To His sure truth and tender care,
Who heaven and earth commands.

“Lauxmann calls [this] ‘the most comforting of all the hymns that have resounded on Paulus Gerhardt’s golden lyre, sweeter to many souls than honey and the honey-comb.’ It soon spread over Germany. It was sung in 1743, when the foundation-stones were laid of the first Lutheran church in Philadelphia [Pennsylvania], and again at the open ing service.”

In the realm of a perceived gap in use of contemporary music lamentis frequently the target. A friend (thanks, Kathy) shared this link with me to show that such music is indeed available. “Blessing” by Laura Story:

Laura Story, “Blessing”

See her background on this song:

Is this usable for a service? Yes, indeed. Is this the only appropriate song or explanation for lament? No, but it does present another side of the Christian life that needs attention in both traditional and contemporary music — in practice. How many of us are there?


For the traditional music choices, sometimes the joy theme is limited to a particular style. Yet, even here the choices are available; are we using them? Consider the options for “At the Lamb’s High Feast We Sing” written in the 6th century. Verse 1:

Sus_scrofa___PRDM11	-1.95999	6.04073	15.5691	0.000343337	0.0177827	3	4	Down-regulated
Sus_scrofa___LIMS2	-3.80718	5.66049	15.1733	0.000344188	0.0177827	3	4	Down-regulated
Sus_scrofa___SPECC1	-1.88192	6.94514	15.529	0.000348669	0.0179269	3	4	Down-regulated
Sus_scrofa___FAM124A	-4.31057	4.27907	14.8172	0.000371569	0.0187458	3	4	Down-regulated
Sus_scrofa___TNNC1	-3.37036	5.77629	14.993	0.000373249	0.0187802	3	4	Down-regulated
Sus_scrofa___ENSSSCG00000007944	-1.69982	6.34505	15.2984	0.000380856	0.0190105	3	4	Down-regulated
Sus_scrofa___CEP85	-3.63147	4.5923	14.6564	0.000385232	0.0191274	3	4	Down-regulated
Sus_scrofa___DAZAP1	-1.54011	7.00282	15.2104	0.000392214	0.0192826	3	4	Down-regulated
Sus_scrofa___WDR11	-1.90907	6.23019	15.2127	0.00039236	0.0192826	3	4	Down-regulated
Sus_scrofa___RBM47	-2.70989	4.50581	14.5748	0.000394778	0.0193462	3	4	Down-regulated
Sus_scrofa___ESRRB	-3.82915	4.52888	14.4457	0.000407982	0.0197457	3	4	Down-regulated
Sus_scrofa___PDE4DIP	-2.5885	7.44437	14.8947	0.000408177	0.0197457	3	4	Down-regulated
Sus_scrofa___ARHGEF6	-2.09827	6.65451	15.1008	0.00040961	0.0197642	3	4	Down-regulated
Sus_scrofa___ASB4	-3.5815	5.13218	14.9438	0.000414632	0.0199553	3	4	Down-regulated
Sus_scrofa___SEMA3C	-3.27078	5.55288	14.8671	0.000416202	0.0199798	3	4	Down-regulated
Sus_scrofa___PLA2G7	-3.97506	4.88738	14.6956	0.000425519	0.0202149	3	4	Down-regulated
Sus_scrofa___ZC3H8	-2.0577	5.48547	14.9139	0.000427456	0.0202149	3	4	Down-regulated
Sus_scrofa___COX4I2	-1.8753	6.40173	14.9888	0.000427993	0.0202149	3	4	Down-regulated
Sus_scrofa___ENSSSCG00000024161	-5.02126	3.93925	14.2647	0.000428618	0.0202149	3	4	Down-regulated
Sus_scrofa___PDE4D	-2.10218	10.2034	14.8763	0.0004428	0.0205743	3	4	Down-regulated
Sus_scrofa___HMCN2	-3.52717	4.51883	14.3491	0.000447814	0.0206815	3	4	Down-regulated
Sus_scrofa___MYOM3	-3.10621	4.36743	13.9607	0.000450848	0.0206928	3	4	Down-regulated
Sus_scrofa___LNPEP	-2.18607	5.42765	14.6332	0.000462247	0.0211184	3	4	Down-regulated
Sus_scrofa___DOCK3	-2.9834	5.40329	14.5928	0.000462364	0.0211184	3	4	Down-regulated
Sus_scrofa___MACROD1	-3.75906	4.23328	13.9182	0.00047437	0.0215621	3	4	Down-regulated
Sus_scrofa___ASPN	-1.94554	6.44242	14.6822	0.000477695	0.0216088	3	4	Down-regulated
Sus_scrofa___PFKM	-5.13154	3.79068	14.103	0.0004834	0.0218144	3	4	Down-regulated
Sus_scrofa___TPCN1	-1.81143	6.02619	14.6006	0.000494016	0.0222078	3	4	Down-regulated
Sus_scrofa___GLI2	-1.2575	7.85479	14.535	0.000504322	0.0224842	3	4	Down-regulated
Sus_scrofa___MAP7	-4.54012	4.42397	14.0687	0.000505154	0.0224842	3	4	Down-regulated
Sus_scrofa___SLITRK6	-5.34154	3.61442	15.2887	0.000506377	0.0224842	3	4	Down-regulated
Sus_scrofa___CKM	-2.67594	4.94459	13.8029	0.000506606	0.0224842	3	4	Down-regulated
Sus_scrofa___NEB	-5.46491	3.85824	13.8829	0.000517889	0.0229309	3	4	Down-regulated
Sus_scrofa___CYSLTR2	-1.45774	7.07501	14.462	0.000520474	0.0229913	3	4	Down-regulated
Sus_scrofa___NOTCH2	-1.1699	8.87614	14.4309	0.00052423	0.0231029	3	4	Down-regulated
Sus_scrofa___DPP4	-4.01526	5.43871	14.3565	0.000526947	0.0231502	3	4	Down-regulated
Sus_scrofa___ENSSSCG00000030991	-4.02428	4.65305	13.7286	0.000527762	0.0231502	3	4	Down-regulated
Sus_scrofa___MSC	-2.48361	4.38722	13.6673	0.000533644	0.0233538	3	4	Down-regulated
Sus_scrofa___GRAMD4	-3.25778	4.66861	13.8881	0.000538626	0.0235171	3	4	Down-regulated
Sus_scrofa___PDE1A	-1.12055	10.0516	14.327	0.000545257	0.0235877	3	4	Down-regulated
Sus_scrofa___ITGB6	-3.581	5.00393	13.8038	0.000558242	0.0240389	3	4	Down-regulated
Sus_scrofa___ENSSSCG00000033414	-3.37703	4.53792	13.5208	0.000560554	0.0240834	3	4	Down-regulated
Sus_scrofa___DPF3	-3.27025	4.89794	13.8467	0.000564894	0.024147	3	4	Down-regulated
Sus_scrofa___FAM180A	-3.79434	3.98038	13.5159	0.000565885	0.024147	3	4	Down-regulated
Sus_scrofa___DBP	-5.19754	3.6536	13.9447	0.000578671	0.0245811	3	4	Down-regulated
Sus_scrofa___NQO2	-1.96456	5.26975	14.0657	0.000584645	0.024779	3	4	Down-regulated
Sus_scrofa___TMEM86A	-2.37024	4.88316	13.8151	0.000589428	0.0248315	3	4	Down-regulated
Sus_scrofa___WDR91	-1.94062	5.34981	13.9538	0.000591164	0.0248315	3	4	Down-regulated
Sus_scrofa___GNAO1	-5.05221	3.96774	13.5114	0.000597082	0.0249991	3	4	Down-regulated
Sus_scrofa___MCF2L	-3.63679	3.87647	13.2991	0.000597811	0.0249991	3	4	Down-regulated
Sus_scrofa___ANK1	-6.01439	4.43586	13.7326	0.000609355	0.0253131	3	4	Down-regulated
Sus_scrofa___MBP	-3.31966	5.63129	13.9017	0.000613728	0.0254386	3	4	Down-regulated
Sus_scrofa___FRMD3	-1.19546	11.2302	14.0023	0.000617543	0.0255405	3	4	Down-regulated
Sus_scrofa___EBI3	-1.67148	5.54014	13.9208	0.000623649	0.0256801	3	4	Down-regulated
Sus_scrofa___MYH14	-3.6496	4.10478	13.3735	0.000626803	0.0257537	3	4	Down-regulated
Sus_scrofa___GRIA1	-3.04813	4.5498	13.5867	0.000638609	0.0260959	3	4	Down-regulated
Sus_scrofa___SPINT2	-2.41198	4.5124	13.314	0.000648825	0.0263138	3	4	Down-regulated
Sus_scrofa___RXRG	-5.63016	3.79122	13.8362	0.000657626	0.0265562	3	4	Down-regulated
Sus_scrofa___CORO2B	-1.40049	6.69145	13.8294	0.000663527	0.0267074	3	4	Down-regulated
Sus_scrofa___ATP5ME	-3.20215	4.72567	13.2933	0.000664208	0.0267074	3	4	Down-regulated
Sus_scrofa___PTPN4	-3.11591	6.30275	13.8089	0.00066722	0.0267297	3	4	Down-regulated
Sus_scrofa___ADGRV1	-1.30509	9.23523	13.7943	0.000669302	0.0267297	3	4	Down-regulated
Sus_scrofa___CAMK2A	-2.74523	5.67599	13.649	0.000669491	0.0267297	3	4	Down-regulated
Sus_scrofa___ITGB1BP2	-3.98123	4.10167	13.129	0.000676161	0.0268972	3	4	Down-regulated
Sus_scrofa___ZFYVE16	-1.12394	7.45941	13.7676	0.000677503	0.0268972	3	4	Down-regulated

At the Lamb’s high feast we sing
Praise to our victorious King,
Who hath washed us in the tide
Flowing from his pierced side;
Praise we him whose love divine
Gives his sacred blood for wine,
Gives his body for the feast,
Christ the Victim, Christ the Priest.

Christ the Victim, Christ the Priest

Now listen to three possible melodies:

Note that each has a unique place within hymnody and can be used appropriately.

For contemporary music, while there is much available on joy, I think some selectivity is necessary. Just because a song expresses joy, does not ensure that it is a doctrinally appropriate (this goes for contemporary and traditional selections). One example is “Center of My Heart” ( In some ways this is an acceptable song, but notice who the primary pronouns refer to (“I, me”). And there is a problem with Law and Gospel distinctions relative to the Christian life.

Now to take another example, look at (and listen to) “King of Israel.”
(scroll down to see words and play music)